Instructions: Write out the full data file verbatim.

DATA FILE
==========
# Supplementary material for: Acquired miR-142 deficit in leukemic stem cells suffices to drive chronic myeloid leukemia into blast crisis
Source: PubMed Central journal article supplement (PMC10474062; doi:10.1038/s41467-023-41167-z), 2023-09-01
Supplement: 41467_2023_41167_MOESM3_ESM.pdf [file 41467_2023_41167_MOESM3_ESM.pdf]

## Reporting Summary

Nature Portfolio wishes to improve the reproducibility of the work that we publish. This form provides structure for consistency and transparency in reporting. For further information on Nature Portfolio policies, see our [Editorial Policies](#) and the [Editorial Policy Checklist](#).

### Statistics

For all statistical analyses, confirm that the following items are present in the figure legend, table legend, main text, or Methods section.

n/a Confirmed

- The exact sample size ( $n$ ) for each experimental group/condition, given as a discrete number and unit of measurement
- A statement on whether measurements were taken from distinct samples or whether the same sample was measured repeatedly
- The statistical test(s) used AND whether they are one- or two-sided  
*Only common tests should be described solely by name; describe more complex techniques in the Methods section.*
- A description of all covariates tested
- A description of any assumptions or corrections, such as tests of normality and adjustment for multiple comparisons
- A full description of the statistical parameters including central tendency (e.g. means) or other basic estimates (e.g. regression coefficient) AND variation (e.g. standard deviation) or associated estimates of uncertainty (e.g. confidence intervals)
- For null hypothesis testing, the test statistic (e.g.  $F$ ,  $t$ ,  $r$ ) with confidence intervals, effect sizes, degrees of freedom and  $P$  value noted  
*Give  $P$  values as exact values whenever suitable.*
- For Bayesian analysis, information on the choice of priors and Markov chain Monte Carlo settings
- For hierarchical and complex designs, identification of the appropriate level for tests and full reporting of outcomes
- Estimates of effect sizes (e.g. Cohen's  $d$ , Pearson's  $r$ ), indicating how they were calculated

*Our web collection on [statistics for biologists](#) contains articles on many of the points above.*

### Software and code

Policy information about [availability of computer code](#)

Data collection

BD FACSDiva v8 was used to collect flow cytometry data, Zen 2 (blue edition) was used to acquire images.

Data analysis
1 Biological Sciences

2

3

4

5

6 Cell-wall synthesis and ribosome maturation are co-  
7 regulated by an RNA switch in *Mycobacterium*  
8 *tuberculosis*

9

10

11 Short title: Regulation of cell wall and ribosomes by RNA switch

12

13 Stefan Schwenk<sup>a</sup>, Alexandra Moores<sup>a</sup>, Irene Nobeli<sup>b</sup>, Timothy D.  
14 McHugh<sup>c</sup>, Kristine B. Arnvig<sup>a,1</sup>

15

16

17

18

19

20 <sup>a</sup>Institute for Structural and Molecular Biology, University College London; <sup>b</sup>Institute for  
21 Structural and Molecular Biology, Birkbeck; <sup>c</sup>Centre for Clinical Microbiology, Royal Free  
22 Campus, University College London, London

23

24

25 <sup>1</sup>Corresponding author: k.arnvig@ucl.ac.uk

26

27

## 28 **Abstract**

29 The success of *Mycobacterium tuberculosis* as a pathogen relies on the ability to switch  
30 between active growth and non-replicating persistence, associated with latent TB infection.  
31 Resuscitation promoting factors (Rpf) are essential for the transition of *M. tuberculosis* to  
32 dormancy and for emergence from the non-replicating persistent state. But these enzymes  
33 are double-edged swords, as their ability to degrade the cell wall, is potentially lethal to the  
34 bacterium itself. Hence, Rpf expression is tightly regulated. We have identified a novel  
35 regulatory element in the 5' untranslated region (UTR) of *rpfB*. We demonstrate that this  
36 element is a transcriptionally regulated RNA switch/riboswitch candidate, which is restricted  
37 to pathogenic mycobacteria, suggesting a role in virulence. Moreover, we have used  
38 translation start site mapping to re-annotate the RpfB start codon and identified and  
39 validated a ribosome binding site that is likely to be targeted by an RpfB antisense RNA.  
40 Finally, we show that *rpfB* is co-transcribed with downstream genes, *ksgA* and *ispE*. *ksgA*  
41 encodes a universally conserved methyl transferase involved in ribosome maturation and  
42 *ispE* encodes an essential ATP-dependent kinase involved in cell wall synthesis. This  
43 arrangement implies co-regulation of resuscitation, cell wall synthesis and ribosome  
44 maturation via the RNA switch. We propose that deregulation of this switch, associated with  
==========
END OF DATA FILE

# Supplementary material for: Acquired miR-142 deficit in leukemic stem cells suffices to drive chronic myeloid leukemia into blast crisis
Source: PubMed Central journal article supplement (PMC10474062; doi:10.1038/s41467-023-41167-z), 2023-09-01
Supplement: 41467_2023_41167_MOESM3_ESM.pdf [file 41467_2023_41167_MOESM3_ESM.pdf]

## Reporting Summary

Nature Portfolio wishes to improve the reproducibility of the work that we publish. This form provides structure for consistency and transparency in reporting. For further information on Nature Portfolio policies, see our [Editorial Policies](#) and the [Editorial Policy Checklist](#).

### Statistics

For all statistical analyses, confirm that the following items are present in the figure legend, table legend, main text, or Methods section.

n/a Confirmed

- The exact sample size ( $n$ ) for each experimental group/condition, given as a discrete number and unit of measurement
- A statement on whether measurements were taken from distinct samples or whether the same sample was measured repeatedly
- The statistical test(s) used AND whether they are one- or two-sided  
*Only common tests should be described solely by name; describe more complex techniques in the Methods section.*
- A description of all covariates tested
- A description of any assumptions or corrections, such as tests of normality and adjustment for multiple comparisons
- A full description of the statistical parameters including central tendency (e.g. means) or other basic estimates (e.g. regression coefficient) AND variation (e.g. standard deviation) or associated estimates of uncertainty (e.g. confidence intervals)
- For null hypothesis testing, the test statistic (e.g.  $F$ ,  $t$ ,  $r$ ) with confidence intervals, effect sizes, degrees of freedom and  $P$  value noted  
*Give  $P$  values as exact values whenever suitable.*
- For Bayesian analysis, information on the choice of priors and Markov chain Monte Carlo settings
- For hierarchical and complex designs, identification of the appropriate level for tests and full reporting of outcomes
- Estimates of effect sizes (e.g. Cohen's  $d$ , Pearson's  $r$ ), indicating how they were calculated

*Our web collection on [statistics for biologists](#) contains articles on many of the points above.*

### Software and code

Policy information about [availability of computer code](#)

Data collection

BD FACSDiva v8 was used to collect flow cytometry data, Zen 2 (blue edition) was used to acquire images.

Data analysis
1 Biological Sciences

2

3

4

5

6 Cell-wall synthesis and ribosome maturation are co-  
7 regulated by an RNA switch in *Mycobacterium*  
8 *tuberculosis*

9

10

11 Short title: Regulation of cell wall and ribosomes by RNA switch

12

13 Stefan Schwenk<sup>a</sup>, Alexandra Moores<sup>a</sup>, Irene Nobeli<sup>b</sup>, Timothy D.  
14 McHugh<sup>c</sup>, Kristine B. Arnvig<sup>a,1</sup>

15

16

17

18

19

20 <sup>a</sup>Institute for Structural and Molecular Biology, University College London; <sup>b</sup>Institute for  
21 Structural and Molecular Biology, Birkbeck; <sup>c</sup>Centre for Clinical Microbiology, Royal Free  
22 Campus, University College London, London

23

24

25 <sup>1</sup>Corresponding author: k.arnvig@ucl.ac.uk

26

27

## 28 **Abstract**

29 The success of *Mycobacterium tuberculosis* as a pathogen relies on the ability to switch  
30 between active growth and non-replicating persistence, associated with latent TB infection.  
31 Resuscitation promoting factors (Rpf) are essential for the transition of *M. tuberculosis* to  
32 dormancy and for emergence from the non-replicating persistent state. But these enzymes  
33 are double-edged swords, as their ability to degrade the cell wall, is potentially lethal to the  
34 bacterium itself. Hence, Rpf expression is tightly regulated. We have identified a novel  
35 regulatory element in the 5' untranslated region (UTR) of *rpfB*. We demonstrate that this  
36 element is a transcriptionally regulated RNA switch/riboswitch candidate, which is restricted  
37 to pathogenic mycobacteria, suggesting a role in virulence. Moreover, we have used  
38 translation start site mapping to re-annotate the RpfB start codon and identified and  
39 validated a ribosome binding site that is likely to be targeted by an RpfB antisense RNA.  
40 Finally, we show that *rpfB* is co-transcribed with downstream genes, *ksgA* and *ispE*. *ksgA*  
41 encodes a universally conserved methyl transferase involved in ribosome maturation and  
42 *ispE* encodes an essential ATP-dependent kinase involved in cell wall synthesis. This  
43 arrangement implies co-regulation of resuscitation, cell wall synthesis and ribosome  
44 maturation via the RNA switch. We propose that deregulation of this switch, associated with  